Saturday, September 28, 2013

Camaraderie at its best

A small group of us gathered at our favourite place. A place where we bond and share. Camaraderie starts here and ends here. Lots of old stories, fond memories flowed with the chilled beers served.

Ganeson, Bernard Nonis, Rama, Allen Lai, Chandran, Satwan Singh

Bernard Nonis

Hi all,

I managed to catch up with Bernard Nonis at last. He was last seen riding his horse into the sunset in the Kota Belud Artillery Range Sabah in the late 1960s as the RLO. Bernard was commissioned into 2 ARTY in the early 60s. We had served together in Sabah during Confrontation. He retired early in mid 1970s.

Bernard Nonis

Thursday, September 26, 2013

With the late Colonel Abu Hassan

The late Colonel Abu Hassan and I clicked well like ducks to water. He was CO 6 RAMD stationed in Kluang and I was 21C/BCs in 2 ARTY. Sometimes 6 RAMD and 2 ARTY btys coincided on roulements to the border ops.

On one occasion I was BC B BTY 2 ARTY and was deployed to 2 Bde Area. Bty Tac was located in Ipoh. We stayed in the Bde officers mess in Asby Road, Ipoh. It was mid afternoon when I got a telephone call from Colonel Abu. He wasn’t on ops but was just passing through.

“Hey Allen, Lets have a drink tonight” said the Colonel in the most official tone over the telephone, pulling rank over me. I could only answer “YES SIR. 2030 hours tonight at a Hotel in Tambun area, where he was staying”.

Colonel Abu was a thoroughbred gentleman and a ladies man to boot. I just couldn’t let him down. After all he was passing through town and he had come to the right place.

I called up my BK, as he was good with organising impromptu things. My BK got the girls ready, one for each of us and the prettiest one for the Colonel. We arrived at Hotel Casurina, Tambun and adjourned for drinks at the bar. After dinner we adjourned back to the bar and drank some more. As the Colonel was to leave Ipoh the next day, My BK and I bid an early goodnight to him and left with our girls for the Bde Officers mess. We had winked our eyes and left the Colonel’s girl with him.

And we waited by the telephone at the officers mess. Our girls giggling.

The phone rang and the Colonel was on the line. “Celaka Allen Lai, Celaka Allen Lai. Now you take HIM away”. Apparently the girl’s wig had come off during some passionate moments at the hotel, exposing his gender to the good Colonel.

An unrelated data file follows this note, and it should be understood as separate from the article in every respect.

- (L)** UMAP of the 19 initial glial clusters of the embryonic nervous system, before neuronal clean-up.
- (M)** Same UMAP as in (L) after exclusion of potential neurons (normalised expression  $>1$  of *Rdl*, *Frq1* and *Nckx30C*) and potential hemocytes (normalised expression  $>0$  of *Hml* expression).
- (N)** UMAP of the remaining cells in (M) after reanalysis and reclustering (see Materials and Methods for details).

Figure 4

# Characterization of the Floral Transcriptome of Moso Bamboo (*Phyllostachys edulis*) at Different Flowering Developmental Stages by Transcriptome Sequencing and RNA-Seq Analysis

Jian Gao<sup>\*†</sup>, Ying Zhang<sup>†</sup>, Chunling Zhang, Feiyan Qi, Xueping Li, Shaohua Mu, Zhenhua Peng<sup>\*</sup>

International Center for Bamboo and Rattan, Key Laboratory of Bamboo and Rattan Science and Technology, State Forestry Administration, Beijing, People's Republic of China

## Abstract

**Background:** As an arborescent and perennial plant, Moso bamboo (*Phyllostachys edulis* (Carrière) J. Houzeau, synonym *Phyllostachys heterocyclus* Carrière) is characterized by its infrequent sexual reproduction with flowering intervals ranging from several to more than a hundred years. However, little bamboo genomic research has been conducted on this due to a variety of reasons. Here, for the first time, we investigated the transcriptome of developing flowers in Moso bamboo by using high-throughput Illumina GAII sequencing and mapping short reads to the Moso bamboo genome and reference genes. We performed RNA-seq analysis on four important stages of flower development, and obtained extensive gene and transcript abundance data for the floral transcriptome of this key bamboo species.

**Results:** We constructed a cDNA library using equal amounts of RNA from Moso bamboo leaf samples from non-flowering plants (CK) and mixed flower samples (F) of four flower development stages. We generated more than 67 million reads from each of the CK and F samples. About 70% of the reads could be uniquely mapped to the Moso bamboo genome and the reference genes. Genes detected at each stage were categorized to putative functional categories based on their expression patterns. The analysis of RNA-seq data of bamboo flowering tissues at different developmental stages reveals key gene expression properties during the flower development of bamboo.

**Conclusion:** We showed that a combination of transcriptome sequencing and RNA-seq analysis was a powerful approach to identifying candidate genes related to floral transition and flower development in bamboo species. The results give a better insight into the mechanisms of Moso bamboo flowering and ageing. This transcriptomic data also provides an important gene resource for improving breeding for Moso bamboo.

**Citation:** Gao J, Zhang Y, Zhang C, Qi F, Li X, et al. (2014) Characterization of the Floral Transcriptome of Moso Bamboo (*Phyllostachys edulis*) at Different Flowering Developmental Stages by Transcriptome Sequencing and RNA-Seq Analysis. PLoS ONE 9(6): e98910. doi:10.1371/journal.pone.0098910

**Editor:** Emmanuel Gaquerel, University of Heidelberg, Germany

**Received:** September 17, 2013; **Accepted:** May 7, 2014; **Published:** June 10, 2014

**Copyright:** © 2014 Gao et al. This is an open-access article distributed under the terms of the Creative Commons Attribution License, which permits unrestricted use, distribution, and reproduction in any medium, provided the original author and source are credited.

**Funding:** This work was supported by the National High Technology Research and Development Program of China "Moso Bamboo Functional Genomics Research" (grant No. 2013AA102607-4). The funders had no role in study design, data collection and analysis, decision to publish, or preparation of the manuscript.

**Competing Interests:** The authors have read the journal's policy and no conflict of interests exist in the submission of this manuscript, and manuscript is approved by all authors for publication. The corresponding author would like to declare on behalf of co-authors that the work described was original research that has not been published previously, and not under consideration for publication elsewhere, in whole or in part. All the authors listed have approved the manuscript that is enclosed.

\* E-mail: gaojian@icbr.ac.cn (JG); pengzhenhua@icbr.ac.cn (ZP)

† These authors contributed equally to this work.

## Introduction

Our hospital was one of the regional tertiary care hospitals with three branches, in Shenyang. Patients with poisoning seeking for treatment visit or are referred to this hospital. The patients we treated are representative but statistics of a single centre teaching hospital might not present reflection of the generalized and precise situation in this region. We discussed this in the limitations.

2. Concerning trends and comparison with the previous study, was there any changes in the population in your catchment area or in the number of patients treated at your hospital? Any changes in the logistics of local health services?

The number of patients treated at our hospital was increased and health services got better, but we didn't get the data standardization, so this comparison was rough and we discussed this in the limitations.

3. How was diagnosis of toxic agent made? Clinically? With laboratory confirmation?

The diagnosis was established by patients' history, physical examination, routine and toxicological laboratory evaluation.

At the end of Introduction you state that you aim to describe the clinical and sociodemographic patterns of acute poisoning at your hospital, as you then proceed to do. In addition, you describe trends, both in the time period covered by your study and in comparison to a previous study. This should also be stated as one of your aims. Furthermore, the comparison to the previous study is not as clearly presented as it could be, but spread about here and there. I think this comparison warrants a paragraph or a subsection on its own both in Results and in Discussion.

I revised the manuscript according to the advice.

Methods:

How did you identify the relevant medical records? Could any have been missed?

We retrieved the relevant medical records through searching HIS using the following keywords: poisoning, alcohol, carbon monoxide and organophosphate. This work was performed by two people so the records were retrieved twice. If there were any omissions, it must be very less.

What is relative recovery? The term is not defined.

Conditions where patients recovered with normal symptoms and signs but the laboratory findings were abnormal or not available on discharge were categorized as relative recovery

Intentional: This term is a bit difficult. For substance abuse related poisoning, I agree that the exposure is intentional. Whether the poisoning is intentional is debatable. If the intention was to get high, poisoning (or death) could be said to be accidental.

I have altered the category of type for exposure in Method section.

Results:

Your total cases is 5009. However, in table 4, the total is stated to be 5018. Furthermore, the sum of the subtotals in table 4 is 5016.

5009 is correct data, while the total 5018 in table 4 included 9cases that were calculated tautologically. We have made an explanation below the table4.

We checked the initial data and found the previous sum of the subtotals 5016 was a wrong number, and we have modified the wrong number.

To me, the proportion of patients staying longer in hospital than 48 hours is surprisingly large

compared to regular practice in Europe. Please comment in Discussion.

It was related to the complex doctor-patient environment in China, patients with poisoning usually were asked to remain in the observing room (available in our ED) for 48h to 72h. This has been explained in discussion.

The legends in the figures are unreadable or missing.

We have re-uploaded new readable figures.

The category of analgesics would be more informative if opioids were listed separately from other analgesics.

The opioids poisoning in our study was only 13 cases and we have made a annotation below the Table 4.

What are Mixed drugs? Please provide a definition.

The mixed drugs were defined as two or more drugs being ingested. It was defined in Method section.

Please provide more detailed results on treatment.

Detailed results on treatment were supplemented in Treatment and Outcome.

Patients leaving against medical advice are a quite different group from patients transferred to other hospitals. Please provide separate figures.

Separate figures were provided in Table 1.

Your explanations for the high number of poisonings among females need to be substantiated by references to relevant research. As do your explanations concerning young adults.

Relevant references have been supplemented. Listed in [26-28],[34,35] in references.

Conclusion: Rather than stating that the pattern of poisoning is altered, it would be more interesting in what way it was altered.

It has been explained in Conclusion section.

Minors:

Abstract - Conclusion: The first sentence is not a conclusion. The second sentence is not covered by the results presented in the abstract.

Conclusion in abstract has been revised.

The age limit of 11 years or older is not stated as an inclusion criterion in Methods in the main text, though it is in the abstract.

My BK and I went to rescue the Colonel at the hotel. We sent the girls off and continued to drink with the Colonel until the wee hours of the morning.

It is with camaraderie that we can pull off pranks like that. No offense, only laughter and memories to last.

Should I write about our trysts at Bukit Iskandar Johore Baru? No I better not, before people gets the wrong idea. I am solid.

Allen Lai


Song jetty - present day

Song, bukan lagu, is a small river town located on the banks of the Sungei Rajang and Sungei Katibas confluence. The town is between Kanowit and Kapit towns Sarawak, about 3 hours by express boat from Sibu. It was an important trading town in the days of old. The town itself was at about 50 feet above the river, with an undulating ridge at the rear of the town. There was an old company size army camp built by the British army. This camp was sited in the most un-tactical location. I still believed that the sitting of this camp was done by an officer who did not make it to staff college. Nor was the camp built by an Engineer Squadron. It was most probably erected by an infantry assault pioneer platoon. The camp was built in a bowl like valley with several rows of Bowen barracks on stilts. Sentry posts were sited on the high features overlooking into the camp.

Kem Song had a platoon from the RAMD battalion in stationed Kanowit when I had first visited Song. I visited Song because I was to pay a courtesy call to the Commander RASCOM. I was promoted to Lt Colonel a week ago and was posted to HQ 1 Div Kuching as the SO1 Logistics. After a week’s orientation in 1 Div, I scheduled to visit RASCOM and 5 Bde in Kota Kinabalu, Sabah. Otherwise I would never in my life hear of Song, much less visit the place. I still have some doubts if any Gunner had visited Song.

I bring up my visit to Song because I want to write about camaraderie. I believe camaraderie is much lacking in present day soldiering. Camaraderie can originate from the most unusual place. Like Song.
I arrived Song mid morning, smartly dressed in my cheloreng, with new chips on my shoulders, after a three hours ride by the daily Express Boat from Sibu. Commander RASCOM and his G staff were at RASCOM TEK HQ in Song. After the usual welcome, greetings, hellos, salutations and briefings, a happy hour and drinks were in order to celebrate with the new SO1 Log. After all, the commander was non other that Brig Jen Dato Yahaya, RAMD, a stylish beer drinker and thoroughbred gentleman.
I have never met the commander before, although I had heard of his drinking reputation in the likes and league of the late Colonel Abu Hassan, also RAMD. 

And so we drank beer under some coconut trees in Camp Song. As usual happy hour lasted more than an hour and we were celebrating my promotion. Until today, I still do not know why “happy hour” is called “happy hour” in the army. But happy hour it was and still is, despite the fact that it always last much longer than an hour. I had never done a happy hour under the hour. I can only suppose happy hours were needed to foster and cement camaraderie.

Camaraderie starts with a spark, goes through lots of drinks and laughter; and ends with a hangover.
The weather was hot that mid morning and it got hotter into the afternoon and evening. Needless to say with cold beers flowing, it does not make any difference in the weather. All of us including General Yahaya took off our cheloreng shirts and hung them on the branches of a nearby Jambu tree. It was hot.